Nobody at the Scandinavian Christmas Bazaar in Bend Saturday left hungry.
Attendees at the Sons of Norway Hall filled up on waffles, deep-fried cookies and lefse, a soft Norwegian flatbread. At last year’s bazaar, the lefse was so popular, it ran out in just over an hour. This time, organizers spent all week preparing extra lefse for the crowd.
Food is an important part of the holiday in Norway, and to the Scandinavian culture in general, said Joy Mosier, membership secretary for the Sons of Norway in Bend.
“I’ve discovered that Norwegians were probably the first foodies,” Mosier said. “Maybe the French would take issue with that.”
Norwegian families are known to make seven to 13 types of cookies for Christmas, Mosier said.
The Sons of Norway Hall was filled with decorations, including a Christmas tree with small Norwegian flags hanging on it.
People ate the traditional food and shopped for gifts, such as toys only found in Denmark and chocolate from Iceland.
The Sons of Norway Hall opened in Bend more than a century ago, in 1916.
It is a place for all those of Scandinavian descent — Swedes, Norwegians, Danes and Finns — or those interested in the culture.
“We are not just for Norwegians,” Mosier said. “Anyone who has an interest in Scandinavia is welcome to join and learn about Scandinavian heritage, food, language, culture or books.”
Scandinavians immigrated in large numbers to America in the 1880s, mostly settling in the Midwest, where many worked in the timber industry.
By 1916, trees and jobs dried up in the Midwest, and many Scandinavian timber workers moved west.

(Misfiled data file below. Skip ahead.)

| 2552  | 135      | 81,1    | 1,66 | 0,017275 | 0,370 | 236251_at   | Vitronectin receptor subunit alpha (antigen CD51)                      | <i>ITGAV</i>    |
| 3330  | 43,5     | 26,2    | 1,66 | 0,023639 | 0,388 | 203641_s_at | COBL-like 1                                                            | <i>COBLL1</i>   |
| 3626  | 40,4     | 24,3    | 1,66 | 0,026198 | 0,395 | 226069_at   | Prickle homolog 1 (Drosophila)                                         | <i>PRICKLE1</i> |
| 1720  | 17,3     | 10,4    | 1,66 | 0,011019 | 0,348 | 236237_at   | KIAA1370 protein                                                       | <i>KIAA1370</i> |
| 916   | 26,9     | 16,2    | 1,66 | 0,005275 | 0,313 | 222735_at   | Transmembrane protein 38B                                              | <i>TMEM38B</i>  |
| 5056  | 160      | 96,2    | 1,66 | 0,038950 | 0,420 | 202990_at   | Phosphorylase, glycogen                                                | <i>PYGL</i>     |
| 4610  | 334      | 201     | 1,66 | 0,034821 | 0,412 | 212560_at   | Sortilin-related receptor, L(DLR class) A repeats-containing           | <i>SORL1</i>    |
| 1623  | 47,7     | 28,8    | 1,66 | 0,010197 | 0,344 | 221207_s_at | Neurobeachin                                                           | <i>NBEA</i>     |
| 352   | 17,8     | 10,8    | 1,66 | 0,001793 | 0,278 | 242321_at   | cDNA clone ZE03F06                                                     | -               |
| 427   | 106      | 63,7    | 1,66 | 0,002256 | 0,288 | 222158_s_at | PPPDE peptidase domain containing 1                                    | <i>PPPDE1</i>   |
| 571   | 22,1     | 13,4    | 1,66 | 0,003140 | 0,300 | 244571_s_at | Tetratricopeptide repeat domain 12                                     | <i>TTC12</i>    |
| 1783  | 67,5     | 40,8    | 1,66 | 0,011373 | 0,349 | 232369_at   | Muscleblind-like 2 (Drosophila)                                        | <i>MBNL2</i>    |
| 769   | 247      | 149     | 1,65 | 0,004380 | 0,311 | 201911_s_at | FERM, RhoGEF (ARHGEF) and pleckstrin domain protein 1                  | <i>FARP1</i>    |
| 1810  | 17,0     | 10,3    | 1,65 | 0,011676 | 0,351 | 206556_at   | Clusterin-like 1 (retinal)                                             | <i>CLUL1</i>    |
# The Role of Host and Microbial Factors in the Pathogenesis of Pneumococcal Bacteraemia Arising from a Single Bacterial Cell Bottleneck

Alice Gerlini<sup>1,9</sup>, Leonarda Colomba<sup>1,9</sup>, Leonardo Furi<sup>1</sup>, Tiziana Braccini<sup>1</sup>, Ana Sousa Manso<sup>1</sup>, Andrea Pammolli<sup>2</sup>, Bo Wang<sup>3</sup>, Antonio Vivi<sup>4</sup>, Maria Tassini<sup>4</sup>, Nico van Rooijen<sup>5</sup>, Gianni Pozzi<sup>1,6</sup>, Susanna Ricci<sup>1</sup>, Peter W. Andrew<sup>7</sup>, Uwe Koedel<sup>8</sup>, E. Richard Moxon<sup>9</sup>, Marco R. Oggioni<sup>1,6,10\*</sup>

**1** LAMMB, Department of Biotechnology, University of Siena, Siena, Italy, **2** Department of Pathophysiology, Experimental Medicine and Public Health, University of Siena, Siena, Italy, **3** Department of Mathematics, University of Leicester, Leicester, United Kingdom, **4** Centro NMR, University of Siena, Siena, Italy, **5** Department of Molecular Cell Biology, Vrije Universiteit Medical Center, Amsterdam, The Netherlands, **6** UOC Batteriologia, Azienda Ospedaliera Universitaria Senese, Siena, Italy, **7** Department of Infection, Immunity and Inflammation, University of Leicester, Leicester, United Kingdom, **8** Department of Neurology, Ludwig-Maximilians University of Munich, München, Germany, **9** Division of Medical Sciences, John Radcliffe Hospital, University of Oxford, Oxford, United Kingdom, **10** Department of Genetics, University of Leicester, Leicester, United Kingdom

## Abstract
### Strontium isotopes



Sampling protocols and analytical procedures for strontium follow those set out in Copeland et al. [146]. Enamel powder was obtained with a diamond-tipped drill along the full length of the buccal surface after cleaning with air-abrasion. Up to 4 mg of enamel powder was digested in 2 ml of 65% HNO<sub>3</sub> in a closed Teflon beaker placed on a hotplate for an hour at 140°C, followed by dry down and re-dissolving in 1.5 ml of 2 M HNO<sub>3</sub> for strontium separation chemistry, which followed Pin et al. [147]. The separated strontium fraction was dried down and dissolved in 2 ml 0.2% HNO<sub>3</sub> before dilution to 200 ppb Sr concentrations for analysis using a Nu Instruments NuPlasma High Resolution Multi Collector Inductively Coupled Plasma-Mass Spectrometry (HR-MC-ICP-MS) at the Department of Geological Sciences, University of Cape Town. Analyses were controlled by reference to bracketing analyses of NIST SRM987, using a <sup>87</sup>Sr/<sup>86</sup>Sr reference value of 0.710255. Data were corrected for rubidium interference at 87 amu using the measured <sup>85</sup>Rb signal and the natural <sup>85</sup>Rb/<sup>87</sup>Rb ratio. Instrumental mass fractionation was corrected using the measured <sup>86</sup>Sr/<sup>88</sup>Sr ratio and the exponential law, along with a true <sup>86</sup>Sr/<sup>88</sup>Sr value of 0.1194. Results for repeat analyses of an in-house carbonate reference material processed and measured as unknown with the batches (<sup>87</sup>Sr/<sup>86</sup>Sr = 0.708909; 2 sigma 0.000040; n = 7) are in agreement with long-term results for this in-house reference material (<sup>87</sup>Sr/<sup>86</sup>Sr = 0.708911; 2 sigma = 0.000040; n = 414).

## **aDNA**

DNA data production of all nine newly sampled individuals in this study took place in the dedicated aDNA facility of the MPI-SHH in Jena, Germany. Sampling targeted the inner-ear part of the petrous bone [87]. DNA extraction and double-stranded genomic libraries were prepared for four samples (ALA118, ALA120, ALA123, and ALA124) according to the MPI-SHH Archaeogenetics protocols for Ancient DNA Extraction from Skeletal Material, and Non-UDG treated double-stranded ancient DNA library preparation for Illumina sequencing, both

Enough moved to Bend that a Sons of Norway Hall was opened.
“They wanted the camaraderie,” Mosier said.
Loiselle Dahill, 94, of Prineville, made her way around the bazaar Saturday and enjoyed socializing with other Sons of Norway members.
Dahill, who describes herself as a full-blooded Norwegian, joined the fraternal organization three decades ago after she retired as a fire dispatcher for the Oregon Department of Forestry.
She has been an active participant in preparing the Christmas bazaar.
“For many years, I mixed the dough for the lefse, and there were others that baked it,” Dahill said. “We usually sold out because you can only make so much.”
Dahill said the bazaar provides a good opportunity for people to get traditional baked goods and toys that are not found in American stores.
It is also a chance to share Scandinavian culture with younger generations, she said.
“Every culture wants their family to carry something of that culture along,” Dahill said. “This is one way that we can do that.”
Bend resident Eric Newman came to the Christmas bazaar for the first time Saturday with his wife, Holly, and their children, 2-year-old Elliott, and 11-month-old Violet.
The family is not of Scandinavian descent, but Newman said they were drawn to the community aspect of the bazaar.
They sampled waffles, served with jelly not syrup, and shopped for Scandinavian gifts.
“It’s a nice Christmas get-together with different things than we are used to seeing,” Holly Newman said.
— Reporter: 541-617-7820, email@example.com